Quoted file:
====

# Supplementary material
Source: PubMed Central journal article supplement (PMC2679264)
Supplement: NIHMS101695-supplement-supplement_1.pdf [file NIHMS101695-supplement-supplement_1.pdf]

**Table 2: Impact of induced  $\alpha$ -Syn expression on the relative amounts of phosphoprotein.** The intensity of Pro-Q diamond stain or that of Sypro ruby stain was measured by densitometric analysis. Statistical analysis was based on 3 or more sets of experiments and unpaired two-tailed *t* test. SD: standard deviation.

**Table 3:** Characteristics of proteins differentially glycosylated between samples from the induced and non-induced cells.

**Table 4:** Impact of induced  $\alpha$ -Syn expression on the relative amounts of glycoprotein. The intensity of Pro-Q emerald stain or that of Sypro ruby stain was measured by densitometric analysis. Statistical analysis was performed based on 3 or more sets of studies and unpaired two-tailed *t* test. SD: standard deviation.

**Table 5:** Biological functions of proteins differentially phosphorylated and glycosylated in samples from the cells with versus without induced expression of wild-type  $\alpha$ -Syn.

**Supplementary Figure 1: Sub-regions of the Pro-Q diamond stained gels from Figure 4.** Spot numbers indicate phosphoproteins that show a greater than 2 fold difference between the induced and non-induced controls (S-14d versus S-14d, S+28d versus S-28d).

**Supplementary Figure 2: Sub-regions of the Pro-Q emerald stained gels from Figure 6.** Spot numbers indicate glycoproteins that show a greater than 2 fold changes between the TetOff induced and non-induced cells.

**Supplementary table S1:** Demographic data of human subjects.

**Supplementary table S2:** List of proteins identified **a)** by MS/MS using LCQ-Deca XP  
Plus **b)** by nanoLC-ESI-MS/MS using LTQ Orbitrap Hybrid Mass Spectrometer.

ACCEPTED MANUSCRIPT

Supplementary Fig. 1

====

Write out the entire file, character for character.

# Supplementary material
Source: PubMed Central journal article supplement (PMC2679264)
Supplement: NIHMS101695-supplement-supplement_1.pdf [file NIHMS101695-supplement-supplement_1.pdf]

**Table 2: Impact of induced  $\alpha$ -Syn expression on the relative amounts of phosphoprotein.** The intensity of Pro-Q diamond stain or that of Sypro ruby stain was measured by densitometric analysis. Statistical analysis was based on 3 or more sets of experiments and unpaired two-tailed *t* test. SD: standard deviation.

**Table 3:** Characteristics of proteins differentially glycosylated between samples from the induced and non-induced cells.

**Table 4:** Impact of induced  $\alpha$ -Syn expression on the relative amounts of glycoprotein. The intensity of Pro-Q emerald stain or that of Sypro ruby stain was measured by densitometric analysis. Statistical analysis was performed based on 3 or more sets of studies and unpaired two-tailed *t* test. SD: standard deviation.

**Table 5:** Biological functions of proteins differentially phosphorylated and glycosylated in samples from the cells with versus without induced expression of wild-type  $\alpha$ -Syn.

**Supplementary Figure 1: Sub-regions of the Pro-Q diamond stained gels from Figure 4.** Spot numbers indicate phosphoproteins that show a greater than 2 fold difference between the induced and non-induced controls (S-14d versus S-14d, S+28d versus S-28d).

**Supplementary Figure 2: Sub-regions of the Pro-Q emerald stained gels from Figure 6.** Spot numbers indicate glycoproteins that show a greater than 2 fold changes between the TetOff induced and non-induced cells.

**Supplementary table S1:** Demographic data of human subjects.

**Supplementary table S2:** List of proteins identified **a)** by MS/MS using LCQ-Deca XP  
Plus **b)** by nanoLC-ESI-MS/MS using LTQ Orbitrap Hybrid Mass Spectrometer.

ACCEPTED MANUSCRIPT

Supplementary Fig. 1